Facebook’s Overvalued Stock Fiasco Uncovered

Although the slide on Facebook’s stock price was officially explained as a ‘glitch’, reality demonstrates that the company’s artificially high-valued position was due to the intervention of its underwriters.

BLOOMBERG | MAY 22, 2012

Criticism of the Facebook Inc. FB -10.99% stock deal grew as the shares dropped below their offering price in their first full day of trading Monday, wiping $11.5 billion off the social network’s market value.

The company, its investment bankers and the Nasdaq Stock Market came under fire for failing to ensure a smooth debut for one of the most anticipated deals in recent memory. Facebook shares, which opened Friday at $38 and managed to add just 23 cents during the day, fell 11% Monday to $34.03.

While investors agreed Facebook shares weren’t worth $38 apiece, they couldn’t find consensus on who deserved the most blame.

Monday’s selloff was attributed partly to investors who were allotted more Facebook shares than they expected and moved to pare their holdings, said people familiar with the matter. Retail investors usually are allocated up to 20% of the total shares allotted in an IPO, but in Facebook’s case, retail allocation was around 25%, the people said.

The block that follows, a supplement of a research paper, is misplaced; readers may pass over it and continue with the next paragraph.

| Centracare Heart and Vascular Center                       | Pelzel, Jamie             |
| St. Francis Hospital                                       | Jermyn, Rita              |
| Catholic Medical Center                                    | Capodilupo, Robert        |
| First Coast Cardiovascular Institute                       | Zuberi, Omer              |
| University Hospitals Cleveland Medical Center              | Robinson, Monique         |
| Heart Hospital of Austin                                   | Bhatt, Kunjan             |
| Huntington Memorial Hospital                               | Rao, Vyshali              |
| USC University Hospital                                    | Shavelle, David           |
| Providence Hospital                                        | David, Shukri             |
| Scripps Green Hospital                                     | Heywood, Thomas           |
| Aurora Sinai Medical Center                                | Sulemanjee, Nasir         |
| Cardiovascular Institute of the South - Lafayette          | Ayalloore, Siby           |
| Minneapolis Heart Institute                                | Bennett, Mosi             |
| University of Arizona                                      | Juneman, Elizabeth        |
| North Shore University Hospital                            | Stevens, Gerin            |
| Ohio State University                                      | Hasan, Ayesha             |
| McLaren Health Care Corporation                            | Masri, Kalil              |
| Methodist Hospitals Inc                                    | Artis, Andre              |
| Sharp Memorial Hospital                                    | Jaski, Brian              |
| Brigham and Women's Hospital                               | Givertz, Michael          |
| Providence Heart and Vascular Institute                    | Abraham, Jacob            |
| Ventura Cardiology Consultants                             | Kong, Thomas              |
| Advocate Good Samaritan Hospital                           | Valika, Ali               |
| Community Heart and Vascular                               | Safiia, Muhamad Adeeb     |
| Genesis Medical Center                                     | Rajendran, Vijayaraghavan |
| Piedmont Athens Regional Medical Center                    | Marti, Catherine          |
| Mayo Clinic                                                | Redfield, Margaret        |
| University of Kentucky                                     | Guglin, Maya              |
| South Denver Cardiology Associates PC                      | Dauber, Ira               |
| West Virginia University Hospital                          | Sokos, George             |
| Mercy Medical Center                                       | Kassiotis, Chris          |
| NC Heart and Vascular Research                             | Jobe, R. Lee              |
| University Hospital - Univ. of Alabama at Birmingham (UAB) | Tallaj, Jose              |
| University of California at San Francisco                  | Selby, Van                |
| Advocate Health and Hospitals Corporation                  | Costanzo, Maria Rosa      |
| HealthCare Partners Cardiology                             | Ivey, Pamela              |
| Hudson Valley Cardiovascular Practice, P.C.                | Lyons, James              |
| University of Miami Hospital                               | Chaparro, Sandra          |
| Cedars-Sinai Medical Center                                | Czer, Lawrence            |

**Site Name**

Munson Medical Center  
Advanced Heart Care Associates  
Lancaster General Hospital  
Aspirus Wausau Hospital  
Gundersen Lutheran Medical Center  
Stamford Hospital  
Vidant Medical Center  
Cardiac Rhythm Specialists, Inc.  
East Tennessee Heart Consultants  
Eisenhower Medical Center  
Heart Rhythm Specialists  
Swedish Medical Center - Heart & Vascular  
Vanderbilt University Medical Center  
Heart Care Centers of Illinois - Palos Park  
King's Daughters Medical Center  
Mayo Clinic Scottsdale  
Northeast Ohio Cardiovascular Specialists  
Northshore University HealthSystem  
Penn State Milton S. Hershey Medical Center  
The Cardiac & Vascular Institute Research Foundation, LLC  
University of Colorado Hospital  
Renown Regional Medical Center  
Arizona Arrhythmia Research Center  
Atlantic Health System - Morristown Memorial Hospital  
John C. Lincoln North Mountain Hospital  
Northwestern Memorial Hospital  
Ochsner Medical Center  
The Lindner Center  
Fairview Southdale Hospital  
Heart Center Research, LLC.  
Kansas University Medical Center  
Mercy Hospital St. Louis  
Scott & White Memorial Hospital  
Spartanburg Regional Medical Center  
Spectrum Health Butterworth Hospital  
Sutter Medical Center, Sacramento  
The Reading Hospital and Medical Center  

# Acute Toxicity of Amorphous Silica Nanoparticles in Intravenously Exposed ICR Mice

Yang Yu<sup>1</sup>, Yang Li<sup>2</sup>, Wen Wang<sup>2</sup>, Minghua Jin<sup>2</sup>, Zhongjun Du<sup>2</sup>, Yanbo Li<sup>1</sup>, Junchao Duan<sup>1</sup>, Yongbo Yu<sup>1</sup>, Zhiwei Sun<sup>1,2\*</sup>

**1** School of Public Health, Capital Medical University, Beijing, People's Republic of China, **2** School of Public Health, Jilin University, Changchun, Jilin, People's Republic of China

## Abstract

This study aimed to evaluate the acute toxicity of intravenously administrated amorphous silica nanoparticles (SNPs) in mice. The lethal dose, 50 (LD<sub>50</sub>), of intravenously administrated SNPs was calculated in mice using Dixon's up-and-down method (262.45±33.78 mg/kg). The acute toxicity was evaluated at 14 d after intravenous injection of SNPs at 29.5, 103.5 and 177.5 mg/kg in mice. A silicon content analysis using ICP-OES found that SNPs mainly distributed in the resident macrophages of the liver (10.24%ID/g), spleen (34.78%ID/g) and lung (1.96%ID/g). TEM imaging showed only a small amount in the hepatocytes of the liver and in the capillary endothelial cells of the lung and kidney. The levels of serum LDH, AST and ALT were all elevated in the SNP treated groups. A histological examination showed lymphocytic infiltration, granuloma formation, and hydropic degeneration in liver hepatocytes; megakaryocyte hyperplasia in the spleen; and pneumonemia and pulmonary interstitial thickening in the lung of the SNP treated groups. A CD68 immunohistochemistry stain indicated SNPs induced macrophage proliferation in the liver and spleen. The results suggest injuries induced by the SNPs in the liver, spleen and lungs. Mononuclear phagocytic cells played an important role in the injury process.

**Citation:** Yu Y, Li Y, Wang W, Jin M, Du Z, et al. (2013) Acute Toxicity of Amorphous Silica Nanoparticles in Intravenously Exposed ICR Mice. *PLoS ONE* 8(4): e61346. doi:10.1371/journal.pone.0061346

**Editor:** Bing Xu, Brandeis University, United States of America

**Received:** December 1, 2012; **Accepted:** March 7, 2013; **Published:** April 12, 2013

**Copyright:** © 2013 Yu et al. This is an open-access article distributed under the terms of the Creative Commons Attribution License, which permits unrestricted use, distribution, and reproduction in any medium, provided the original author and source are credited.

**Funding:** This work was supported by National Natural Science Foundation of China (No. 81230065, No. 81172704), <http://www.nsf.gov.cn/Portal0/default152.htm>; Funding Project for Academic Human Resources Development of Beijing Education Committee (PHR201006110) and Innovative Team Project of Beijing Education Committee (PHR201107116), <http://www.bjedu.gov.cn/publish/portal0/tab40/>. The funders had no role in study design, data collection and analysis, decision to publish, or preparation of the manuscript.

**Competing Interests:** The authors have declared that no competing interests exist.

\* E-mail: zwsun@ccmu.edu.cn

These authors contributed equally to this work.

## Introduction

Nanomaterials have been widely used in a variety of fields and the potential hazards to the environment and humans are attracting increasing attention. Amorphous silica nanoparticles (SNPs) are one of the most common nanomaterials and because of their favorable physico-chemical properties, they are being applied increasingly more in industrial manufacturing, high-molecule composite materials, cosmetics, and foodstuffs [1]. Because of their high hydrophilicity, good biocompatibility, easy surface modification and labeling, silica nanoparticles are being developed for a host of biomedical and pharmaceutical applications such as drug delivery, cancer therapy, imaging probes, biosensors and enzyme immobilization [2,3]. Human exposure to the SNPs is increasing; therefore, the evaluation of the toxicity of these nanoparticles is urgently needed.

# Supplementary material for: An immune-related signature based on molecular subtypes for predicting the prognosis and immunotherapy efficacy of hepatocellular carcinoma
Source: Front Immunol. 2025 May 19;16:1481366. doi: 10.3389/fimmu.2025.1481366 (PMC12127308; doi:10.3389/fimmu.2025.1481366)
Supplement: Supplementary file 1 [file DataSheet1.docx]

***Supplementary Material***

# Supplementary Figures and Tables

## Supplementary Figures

Facebook had increased the number of shares being offered at the last minute before the IPO. As a result, many retail investors weren’t hungry for more shares once trading began, according to the people.

Facebook’s offering, one of the biggest U.S. IPOs, was supposed to burnish the reputations of Morgan Stanley, MS -1.20% the deal’s lead banker, as an underwriter, and Nasdaq OMX Group Inc. NDAQ +3.59% as the listing exchange of choice for hot technology companies. But some investors said tactical missteps and technical problems left them uneasy about the deal even before trading began Friday morning.

They faulted Morgan Stanley for overloading the market with too many Facebook shares and took aim at Nasdaq for system glitches that prevented some investors from confirming their trades or trade cancellations, which some said cost them tens of thousands of dollars.

“The underwriters completely screwed this up,” said Michael Pachter, an analyst at Wedbush Securities. The offering “should have been half as big as it was, and it would have closed at $45.”

At $34, Facebook would have a price-to-earnings ratio, a measure of how expensive or cheap a stock is, of about 57 times projected earnings for the next 12 months, according to FactSet research. The ratio means a Facebook share is more than four times expensive as a share of Google Inc. GOOG +2.28%

“Facebook’s IPO priced at a level well-above where we foresaw compelling 12-month returns,” BTIG analyst Richard Greenfield said in a research note Monday. With revenue and earnings growth decelerating in 2012, “we find Facebook’s current valuation unappealing.”